Your credit card interest directly affects the cost of implementing a balance on your credit card. You can start with a low interest rate on your credit card, but your rate does not always remain the same for the life of your credit card. Your credit card company may raise your interest in certain circumstances, but they don’t always have to inform you in advance.
Mandatory interest rate increase Notice
There are a few situations where a credit card issuer is required to send an interest rate increase in advance.
Banks must send an increase notification interest at least 45 days prior to the increase. This is a requirement of the Truth in Lending Act, a federal law that protects consumers from lenders.
You do not have to accept the higher interest rate. During this 45-day period, you have the option to opt-out of the interest rate increase if you prefer to pay off your balance with the current interest rate. Opting-out allows you to pay the existing interest from your balance. However, if you choose to opt-out, the creditor can close your account.
If you do not respond to the increase notification interest at all, the credit card company can apply the new interest rate to all new purchases made starting 14 days after the notification is sent.
When the rate increase Notice Cannot be required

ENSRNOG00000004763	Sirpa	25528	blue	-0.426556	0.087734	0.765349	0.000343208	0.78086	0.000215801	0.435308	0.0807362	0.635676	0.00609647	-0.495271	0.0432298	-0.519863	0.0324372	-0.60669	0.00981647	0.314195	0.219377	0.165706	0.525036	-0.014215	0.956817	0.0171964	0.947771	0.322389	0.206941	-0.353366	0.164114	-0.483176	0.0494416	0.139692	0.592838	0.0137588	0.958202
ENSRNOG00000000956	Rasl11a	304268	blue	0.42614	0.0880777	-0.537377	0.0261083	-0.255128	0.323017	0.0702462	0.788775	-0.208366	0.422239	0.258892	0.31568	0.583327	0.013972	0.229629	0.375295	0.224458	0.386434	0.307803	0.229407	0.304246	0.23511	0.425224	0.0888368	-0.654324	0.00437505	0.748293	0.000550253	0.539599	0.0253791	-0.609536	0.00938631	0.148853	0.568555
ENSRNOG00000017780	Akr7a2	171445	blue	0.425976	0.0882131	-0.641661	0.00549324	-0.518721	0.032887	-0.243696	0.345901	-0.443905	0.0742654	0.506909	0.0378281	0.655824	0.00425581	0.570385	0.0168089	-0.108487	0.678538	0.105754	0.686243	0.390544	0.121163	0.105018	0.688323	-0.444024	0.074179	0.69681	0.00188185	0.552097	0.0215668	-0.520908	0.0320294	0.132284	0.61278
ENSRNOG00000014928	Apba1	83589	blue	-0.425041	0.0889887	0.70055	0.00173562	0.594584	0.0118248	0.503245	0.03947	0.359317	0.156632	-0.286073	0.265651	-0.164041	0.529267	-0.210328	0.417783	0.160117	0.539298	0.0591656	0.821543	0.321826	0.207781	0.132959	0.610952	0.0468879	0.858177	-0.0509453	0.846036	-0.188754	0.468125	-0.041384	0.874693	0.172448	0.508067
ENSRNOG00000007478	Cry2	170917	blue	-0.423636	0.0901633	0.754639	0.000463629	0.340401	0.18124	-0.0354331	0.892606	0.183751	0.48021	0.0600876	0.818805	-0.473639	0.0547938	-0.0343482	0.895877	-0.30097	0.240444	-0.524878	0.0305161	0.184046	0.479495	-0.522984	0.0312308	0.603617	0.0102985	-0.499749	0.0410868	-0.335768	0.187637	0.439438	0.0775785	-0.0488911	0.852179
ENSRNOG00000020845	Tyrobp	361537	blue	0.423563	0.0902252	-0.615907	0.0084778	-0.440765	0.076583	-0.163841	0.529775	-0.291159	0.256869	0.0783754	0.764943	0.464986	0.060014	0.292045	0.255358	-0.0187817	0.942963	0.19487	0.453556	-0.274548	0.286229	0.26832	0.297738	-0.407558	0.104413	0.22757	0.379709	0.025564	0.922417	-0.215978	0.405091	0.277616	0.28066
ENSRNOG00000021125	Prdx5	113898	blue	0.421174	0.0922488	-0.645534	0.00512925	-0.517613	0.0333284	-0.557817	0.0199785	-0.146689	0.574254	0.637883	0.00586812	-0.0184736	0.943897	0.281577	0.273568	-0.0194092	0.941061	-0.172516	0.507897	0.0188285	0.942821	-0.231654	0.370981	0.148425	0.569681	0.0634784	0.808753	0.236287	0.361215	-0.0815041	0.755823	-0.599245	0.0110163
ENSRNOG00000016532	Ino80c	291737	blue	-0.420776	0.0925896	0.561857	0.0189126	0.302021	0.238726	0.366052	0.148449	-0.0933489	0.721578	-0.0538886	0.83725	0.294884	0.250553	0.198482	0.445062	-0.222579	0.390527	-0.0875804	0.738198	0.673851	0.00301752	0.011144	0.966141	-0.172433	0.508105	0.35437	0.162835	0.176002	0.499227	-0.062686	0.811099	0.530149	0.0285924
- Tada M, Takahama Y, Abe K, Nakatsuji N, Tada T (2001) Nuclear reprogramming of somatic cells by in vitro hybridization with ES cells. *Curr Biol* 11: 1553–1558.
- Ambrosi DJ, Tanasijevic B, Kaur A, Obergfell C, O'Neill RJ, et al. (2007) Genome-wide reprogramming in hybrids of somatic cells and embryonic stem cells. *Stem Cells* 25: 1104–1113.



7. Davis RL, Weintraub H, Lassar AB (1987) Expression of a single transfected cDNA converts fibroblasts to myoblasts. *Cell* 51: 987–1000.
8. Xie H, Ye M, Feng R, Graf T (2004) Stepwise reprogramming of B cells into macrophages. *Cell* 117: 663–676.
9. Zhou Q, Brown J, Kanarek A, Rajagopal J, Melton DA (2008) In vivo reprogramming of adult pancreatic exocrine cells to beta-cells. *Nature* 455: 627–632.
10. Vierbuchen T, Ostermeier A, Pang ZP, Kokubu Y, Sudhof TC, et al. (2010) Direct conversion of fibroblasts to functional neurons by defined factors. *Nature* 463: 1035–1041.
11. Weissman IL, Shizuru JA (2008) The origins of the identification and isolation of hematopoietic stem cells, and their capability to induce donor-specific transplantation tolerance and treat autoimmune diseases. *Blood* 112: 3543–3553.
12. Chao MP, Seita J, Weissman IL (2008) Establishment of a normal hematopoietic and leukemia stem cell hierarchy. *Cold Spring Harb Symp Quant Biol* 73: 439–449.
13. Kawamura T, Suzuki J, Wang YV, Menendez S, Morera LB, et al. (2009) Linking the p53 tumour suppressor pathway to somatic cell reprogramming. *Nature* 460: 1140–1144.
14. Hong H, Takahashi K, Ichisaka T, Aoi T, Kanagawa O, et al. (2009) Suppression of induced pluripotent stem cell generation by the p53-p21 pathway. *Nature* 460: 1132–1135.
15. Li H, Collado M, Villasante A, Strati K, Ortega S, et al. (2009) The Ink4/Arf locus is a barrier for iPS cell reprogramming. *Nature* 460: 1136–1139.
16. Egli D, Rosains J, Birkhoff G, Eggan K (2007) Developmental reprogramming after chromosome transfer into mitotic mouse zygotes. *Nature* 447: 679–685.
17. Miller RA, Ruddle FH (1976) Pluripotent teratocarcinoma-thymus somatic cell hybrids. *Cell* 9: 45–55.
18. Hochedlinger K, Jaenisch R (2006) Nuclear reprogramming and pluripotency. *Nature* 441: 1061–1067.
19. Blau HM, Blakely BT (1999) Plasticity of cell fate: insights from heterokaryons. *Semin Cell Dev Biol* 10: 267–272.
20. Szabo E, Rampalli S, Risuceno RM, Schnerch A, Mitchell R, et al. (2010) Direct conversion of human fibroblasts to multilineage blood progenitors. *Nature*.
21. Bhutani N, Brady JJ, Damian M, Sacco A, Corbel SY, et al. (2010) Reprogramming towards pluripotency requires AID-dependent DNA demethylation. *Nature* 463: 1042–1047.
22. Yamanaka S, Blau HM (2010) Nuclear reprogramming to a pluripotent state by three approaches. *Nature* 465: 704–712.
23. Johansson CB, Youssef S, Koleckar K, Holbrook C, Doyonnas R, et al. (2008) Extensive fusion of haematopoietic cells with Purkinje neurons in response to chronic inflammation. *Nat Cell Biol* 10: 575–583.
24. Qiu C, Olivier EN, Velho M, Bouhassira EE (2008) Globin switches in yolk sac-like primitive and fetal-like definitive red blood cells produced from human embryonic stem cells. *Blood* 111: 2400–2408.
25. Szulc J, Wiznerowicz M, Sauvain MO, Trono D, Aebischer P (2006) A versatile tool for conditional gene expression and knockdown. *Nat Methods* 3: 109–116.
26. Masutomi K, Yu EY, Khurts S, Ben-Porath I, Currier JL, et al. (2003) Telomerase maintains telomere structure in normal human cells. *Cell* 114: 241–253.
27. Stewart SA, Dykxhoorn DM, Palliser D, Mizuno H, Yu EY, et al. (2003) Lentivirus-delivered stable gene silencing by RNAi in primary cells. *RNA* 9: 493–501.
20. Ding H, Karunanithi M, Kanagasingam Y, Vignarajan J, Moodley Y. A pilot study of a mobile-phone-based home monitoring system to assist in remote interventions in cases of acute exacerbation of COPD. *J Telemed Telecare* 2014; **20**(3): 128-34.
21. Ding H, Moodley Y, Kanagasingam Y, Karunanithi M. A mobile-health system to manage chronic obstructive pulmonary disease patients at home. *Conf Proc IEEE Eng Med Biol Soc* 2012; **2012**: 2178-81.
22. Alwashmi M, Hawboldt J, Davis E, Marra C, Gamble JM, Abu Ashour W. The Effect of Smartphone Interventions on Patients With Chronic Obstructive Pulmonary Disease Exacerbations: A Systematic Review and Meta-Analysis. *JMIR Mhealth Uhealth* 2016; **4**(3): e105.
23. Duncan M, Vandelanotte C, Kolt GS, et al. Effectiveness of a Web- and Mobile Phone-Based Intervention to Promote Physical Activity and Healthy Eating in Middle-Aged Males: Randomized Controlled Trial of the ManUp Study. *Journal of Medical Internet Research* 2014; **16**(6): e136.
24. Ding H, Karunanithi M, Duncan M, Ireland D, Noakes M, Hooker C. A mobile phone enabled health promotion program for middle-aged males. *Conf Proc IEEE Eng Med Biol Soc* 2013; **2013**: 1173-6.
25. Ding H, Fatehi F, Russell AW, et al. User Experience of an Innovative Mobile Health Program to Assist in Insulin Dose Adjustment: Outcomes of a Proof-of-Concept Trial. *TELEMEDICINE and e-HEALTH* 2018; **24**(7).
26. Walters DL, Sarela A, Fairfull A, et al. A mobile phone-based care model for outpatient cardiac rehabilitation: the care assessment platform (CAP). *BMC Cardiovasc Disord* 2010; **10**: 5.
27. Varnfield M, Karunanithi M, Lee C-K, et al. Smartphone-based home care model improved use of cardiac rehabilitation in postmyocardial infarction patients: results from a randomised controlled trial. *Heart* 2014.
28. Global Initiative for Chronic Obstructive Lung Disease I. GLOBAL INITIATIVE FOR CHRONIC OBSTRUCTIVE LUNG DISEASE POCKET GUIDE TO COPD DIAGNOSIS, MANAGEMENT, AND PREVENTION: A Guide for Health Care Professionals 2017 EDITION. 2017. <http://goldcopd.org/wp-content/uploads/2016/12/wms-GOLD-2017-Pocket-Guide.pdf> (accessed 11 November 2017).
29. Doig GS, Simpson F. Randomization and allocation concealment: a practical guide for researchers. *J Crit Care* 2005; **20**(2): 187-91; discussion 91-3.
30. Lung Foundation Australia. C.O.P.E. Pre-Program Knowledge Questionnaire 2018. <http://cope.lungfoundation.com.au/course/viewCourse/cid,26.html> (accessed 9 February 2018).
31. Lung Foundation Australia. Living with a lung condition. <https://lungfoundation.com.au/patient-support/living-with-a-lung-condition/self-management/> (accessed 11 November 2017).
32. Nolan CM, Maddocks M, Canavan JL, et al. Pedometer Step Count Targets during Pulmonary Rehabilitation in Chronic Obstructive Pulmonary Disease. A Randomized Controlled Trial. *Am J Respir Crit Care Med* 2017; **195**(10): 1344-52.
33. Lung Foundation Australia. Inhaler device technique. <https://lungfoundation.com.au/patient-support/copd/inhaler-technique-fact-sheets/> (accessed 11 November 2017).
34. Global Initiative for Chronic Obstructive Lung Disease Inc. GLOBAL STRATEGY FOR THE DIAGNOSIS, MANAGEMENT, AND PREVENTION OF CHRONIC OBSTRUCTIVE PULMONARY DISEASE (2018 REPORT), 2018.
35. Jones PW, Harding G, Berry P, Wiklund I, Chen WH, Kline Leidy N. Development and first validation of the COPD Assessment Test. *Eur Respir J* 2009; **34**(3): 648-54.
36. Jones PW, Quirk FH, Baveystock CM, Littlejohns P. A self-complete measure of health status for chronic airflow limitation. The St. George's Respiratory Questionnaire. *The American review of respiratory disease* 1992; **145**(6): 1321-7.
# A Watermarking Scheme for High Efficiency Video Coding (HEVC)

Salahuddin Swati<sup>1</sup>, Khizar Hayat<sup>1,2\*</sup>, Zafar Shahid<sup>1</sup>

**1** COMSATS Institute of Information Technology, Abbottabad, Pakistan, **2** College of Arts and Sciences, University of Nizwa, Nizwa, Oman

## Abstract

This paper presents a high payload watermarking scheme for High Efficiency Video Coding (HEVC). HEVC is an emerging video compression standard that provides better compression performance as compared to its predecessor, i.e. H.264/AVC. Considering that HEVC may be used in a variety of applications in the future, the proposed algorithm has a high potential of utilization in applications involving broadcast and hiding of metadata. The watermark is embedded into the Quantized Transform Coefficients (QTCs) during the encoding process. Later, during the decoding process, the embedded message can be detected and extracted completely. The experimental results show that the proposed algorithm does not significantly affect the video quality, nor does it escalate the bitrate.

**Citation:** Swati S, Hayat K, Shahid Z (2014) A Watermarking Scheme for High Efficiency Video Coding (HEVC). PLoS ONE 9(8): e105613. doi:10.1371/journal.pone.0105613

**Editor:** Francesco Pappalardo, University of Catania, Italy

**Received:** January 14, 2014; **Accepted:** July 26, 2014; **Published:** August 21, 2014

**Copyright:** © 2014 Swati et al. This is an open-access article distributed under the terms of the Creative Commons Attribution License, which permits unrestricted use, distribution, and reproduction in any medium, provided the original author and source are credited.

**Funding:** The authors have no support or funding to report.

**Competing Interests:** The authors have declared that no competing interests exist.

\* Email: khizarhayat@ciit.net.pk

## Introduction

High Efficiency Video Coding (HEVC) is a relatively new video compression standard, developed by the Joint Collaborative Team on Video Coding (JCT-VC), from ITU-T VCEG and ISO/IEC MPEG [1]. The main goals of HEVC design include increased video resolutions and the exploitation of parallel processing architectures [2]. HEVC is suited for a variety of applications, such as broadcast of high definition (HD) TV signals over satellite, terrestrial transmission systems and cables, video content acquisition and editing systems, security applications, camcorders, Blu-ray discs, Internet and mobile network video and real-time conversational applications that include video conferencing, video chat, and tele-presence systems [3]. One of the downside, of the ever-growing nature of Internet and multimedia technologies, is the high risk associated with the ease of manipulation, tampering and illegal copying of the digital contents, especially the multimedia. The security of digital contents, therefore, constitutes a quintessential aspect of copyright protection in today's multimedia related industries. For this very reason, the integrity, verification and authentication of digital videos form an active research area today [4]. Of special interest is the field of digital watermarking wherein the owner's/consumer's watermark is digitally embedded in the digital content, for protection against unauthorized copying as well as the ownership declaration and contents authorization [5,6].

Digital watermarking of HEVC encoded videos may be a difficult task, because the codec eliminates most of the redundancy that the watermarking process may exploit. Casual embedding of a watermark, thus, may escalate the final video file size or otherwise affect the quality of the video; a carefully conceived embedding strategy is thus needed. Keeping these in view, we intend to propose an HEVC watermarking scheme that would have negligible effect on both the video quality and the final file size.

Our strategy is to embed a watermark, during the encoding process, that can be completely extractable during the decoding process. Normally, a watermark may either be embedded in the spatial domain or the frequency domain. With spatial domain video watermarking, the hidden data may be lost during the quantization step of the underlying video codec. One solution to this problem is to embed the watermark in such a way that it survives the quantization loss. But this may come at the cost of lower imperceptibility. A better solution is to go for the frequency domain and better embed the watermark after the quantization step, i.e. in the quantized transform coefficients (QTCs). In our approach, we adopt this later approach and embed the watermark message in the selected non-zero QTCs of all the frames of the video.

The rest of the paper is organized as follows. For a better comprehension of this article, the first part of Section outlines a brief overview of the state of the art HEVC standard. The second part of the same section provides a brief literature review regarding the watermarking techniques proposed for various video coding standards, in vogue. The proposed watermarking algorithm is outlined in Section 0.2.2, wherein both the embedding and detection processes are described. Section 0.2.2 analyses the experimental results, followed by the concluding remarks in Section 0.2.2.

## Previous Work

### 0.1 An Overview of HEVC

Credit card issuers do not always have to send a notification interest increase before increasing your rate.
If the rate increase is due to a delinquency or default, the creditor does not warn you of an interest rate increase. These penalty increases are usually outlined in the small print of your credit card agreement. For example, if you are at least 60 days late on your credit card payment, your card issuer may raise your interest rate without sending a rise in interest notification interest or giving you a chance to opt out.
The credit card company also failed to notify you if your interest rate increased because a promotional rate expired.
Most credit cards these days have a variable interest rate that is linked to an underlying rate, such as the prime rate or LIBOR. If the underlying interest rate rises, your April credit card may also increase. Your credit card company does not have to send in advance to increase your rate in this case; Your credit card agreement will provide an overview of what rate your April is bound to and how it responds to changes in the index rate.
Dealing with Unfair Rate Increases
Contact your credit card company about an inexplicable increase in your interest. They will be able to explain why your interest was raised. If the increase has occurred an error, you may be able to get your old interest restored.
You can file a complaint with the Consumer Financial Protection Bureau if you think that your credit card interest was raised in the error or the credit card company raised your rate without proper notice of default.